Advertising; how it affects children
As a parent, you are responsible for protecting your child from the influence of advertising. It's impossible to ignore that our culture is saturated in commercialized messages, from television and online advertisements to billboards and movie product placements. Advertising is everywhere!
Regarding advertising, companies know that children can be powerful influencers on their parents' buying decisions, so they devise targeted methods to lure them. One common strategy is the use of memorable characters and catchy slogans.
Companies are innovative and:
create characters who become familiar and beloved by kids, prompting them to request their parents to buy those products.
They also concoct slogans and jingles that stick in kids' heads, making it hard for them to forget about said product.
Another common strategy is targeting children's emotions. Companies know that if they can make kids feel excited, happy, or even scared about a product, they are more likely to want it—and prod their parents to buy it.
Advertisers are also increasingly targeting younger children by playing off their natural curiosity. They take advantage of the kid’s desires to be like their parents by convincing them to buy grown-up products.
Studies have shown that toddlers as young as 18 months understand the persuasive intent of ads and react to them accordingly. For example, when researchers exposed preschool-aged children to a toy commercial, the kids desired the toy. When given a chance to watch an advertisement for a food item, they became more interested in trying the food, even if they had already refused it before seeing it.
Young children under the age of seven lack an understanding of the persuasive intent of advertisements. As a result, it's much easier for kids this age to be influenced by what they see on TV and online.
They can identify brands from a very young age and start forming associations with them. And once those associations have been made, it's hard for them to be changed.
Advertising affects preschoolers by influencing their buying habits of certain products and their views on gender identity and body image.
Advertising encourages kids to buy products on impulse. Children often need more resources or discernment to make smart decisions about their beliefs. As a result, kids end up purchasing products impulsively, resulting in short-term gratification with no long-term positive effect.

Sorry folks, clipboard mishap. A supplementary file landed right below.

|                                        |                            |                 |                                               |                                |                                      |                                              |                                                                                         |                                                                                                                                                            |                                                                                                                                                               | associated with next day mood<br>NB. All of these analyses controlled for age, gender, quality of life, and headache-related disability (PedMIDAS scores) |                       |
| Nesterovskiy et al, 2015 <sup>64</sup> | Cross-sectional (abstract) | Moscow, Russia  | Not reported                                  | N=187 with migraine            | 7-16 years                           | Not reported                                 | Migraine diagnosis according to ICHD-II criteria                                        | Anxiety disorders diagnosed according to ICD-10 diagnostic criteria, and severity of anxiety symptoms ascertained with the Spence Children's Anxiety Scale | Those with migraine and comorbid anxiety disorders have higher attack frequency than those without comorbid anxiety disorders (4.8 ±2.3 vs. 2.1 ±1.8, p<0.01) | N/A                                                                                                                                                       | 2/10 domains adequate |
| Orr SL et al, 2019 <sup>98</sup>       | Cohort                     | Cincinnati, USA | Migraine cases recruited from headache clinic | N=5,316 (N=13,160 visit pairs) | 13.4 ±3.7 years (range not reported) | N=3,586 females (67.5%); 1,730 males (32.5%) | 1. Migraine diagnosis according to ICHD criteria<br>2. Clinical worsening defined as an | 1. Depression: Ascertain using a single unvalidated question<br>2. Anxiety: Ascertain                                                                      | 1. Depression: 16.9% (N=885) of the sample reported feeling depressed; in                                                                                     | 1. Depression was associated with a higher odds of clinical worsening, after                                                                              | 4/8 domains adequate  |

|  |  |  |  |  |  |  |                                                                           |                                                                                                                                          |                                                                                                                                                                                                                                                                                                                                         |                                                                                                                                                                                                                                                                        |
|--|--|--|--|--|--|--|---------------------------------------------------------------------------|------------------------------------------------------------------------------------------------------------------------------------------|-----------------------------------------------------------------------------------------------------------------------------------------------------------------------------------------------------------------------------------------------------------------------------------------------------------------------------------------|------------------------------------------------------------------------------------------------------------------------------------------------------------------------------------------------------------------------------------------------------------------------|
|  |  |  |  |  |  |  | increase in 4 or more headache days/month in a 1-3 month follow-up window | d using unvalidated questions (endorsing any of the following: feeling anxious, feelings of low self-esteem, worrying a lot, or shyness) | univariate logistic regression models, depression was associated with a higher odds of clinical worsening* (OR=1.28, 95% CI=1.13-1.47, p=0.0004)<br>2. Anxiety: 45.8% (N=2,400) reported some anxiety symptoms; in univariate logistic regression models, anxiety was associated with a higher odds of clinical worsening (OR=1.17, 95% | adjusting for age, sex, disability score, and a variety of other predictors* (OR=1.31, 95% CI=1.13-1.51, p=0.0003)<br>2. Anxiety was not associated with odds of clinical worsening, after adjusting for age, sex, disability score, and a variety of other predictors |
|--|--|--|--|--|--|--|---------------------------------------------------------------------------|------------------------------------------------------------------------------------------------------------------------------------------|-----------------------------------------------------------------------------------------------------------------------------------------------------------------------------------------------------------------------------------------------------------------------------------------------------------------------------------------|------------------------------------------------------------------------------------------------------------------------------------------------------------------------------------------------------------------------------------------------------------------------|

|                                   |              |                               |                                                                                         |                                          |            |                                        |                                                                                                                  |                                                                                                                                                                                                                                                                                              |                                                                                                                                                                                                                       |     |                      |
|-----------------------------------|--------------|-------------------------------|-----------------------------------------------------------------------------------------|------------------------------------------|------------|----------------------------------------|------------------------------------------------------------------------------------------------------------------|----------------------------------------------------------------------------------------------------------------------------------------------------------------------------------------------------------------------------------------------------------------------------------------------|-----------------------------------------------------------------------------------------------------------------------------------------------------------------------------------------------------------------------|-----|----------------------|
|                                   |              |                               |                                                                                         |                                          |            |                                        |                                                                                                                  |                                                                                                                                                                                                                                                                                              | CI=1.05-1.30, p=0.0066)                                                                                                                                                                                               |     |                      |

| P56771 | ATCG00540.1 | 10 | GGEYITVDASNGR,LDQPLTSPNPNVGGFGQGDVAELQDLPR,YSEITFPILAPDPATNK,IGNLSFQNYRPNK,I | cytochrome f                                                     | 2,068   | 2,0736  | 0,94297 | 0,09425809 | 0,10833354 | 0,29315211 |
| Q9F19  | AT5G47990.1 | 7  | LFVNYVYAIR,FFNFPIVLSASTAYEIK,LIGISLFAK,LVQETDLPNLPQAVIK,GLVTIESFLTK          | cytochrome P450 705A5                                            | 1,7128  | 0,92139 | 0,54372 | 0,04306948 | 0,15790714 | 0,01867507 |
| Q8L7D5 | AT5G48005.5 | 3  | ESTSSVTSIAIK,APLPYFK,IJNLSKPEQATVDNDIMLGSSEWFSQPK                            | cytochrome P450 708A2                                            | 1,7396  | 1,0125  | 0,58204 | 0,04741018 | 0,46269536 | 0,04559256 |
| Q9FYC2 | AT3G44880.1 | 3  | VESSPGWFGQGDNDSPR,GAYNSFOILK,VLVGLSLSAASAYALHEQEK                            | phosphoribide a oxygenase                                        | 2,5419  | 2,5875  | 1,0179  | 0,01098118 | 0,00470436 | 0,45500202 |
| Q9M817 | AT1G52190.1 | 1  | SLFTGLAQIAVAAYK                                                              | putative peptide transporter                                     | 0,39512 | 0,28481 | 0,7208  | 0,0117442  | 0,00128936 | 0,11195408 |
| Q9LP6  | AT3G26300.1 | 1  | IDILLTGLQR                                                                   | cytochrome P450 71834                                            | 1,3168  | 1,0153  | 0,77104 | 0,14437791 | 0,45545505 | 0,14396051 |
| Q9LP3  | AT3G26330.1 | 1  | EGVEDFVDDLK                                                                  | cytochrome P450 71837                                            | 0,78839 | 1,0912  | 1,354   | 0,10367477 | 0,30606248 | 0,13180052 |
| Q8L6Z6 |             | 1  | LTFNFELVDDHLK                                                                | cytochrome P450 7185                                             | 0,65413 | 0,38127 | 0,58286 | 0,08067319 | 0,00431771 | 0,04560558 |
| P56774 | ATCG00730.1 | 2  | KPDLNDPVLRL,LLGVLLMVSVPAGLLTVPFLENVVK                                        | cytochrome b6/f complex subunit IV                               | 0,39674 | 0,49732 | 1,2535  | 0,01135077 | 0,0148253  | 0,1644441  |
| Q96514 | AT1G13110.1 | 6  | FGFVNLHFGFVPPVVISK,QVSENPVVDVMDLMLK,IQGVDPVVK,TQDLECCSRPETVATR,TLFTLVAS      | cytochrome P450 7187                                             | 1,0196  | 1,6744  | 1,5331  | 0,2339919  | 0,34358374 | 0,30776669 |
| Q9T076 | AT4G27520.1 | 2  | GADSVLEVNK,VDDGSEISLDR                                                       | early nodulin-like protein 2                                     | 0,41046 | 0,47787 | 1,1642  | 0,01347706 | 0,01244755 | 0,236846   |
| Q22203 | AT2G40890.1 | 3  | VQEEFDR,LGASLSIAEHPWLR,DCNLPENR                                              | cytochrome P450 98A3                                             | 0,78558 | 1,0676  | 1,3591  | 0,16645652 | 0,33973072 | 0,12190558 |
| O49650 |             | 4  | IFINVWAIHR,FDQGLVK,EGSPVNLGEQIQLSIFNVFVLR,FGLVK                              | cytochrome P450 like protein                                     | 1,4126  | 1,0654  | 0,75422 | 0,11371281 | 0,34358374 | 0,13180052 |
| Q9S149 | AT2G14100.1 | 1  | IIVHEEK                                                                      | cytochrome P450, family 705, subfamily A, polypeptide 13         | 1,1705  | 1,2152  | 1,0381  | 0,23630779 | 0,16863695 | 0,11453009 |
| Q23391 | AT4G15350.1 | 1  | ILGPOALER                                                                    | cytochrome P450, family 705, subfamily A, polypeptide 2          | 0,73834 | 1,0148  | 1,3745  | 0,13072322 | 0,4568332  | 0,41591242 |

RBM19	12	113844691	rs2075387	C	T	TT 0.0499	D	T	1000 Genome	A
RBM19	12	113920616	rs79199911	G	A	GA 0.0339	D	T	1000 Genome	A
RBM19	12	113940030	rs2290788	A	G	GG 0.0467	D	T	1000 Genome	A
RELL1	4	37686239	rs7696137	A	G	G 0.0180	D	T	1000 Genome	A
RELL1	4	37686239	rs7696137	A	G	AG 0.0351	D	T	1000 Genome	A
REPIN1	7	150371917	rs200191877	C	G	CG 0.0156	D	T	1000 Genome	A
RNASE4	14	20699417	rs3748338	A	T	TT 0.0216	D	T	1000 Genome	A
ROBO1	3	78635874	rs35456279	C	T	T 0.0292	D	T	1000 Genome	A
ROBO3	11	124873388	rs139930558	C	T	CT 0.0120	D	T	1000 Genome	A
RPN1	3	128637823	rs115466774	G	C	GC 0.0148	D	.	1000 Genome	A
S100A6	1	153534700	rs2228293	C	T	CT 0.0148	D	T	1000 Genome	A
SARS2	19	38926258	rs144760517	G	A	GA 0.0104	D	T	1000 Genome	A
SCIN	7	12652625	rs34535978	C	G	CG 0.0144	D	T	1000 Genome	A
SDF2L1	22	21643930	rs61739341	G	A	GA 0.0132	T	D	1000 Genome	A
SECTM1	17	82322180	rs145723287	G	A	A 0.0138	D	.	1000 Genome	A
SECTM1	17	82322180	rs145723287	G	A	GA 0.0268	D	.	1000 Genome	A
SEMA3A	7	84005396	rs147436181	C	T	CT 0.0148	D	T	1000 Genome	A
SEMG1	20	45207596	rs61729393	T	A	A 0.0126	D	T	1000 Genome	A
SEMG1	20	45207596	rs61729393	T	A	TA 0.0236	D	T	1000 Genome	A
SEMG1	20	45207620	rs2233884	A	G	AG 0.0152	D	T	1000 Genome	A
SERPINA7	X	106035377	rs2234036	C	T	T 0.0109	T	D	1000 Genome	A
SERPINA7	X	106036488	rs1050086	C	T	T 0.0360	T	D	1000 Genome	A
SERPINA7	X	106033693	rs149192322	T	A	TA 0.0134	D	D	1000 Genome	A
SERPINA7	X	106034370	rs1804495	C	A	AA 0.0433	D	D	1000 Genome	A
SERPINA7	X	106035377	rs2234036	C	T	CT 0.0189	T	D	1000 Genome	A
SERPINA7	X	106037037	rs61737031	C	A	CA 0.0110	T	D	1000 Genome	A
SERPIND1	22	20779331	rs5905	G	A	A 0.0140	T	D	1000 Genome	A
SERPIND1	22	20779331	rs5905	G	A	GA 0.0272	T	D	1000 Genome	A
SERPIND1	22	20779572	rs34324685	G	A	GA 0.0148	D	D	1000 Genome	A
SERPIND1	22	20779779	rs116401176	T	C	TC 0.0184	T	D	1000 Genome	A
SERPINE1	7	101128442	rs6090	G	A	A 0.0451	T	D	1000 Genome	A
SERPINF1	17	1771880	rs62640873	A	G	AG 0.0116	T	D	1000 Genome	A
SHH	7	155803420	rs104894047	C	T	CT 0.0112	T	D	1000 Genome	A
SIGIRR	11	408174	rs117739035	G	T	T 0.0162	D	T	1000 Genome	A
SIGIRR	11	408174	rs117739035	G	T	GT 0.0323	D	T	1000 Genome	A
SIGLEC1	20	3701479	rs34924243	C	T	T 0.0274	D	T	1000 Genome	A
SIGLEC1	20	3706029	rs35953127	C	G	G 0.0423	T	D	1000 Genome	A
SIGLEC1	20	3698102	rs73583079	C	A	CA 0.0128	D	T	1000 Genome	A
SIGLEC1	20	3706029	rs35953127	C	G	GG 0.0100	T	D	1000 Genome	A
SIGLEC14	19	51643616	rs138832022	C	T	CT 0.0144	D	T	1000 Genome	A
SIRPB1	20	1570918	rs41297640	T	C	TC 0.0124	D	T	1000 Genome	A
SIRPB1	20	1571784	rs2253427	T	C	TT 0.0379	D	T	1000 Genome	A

Advertisements provide a means for values and ideologies to be instilled in young minds. Kids are taught specific values based on the products advertised and valued by society. Advertisements shape how kids form opinions about themselves, their peers, and society.
Young children are also vulnerable to creating unrealistic expectations based on what they see in ads. When things don't turn out as expected, it can lead to feelings of inadequacy, low self-esteem, and even depression. All this is due to an unrealistic portrayal of reality in ads.
While many teens may view ads as entertainment — because of the increasing sophistication in production values, humor, and special effects — there's some suggestion that this type of advertising has a more significant impact on them than ads geared toward older audiences.
Teens are likely to be swayed by advertisements suggesting instant gratification as a reward, a "cool factor" to obtain a specific product waiting for something they might need more. This can lead to impulse buying.
The impact of advertising on teens is far-reaching. It can lead to some deep-seated issues, including depression, anxiety, low self-esteem, and feelings of being inadequate when compared with their peers.
Specific strategies like monitoring and limiting the use of screens or magazines that showcase advertisements and teaching children about the internet and its influence can help parents guide their children out of this persuasive market.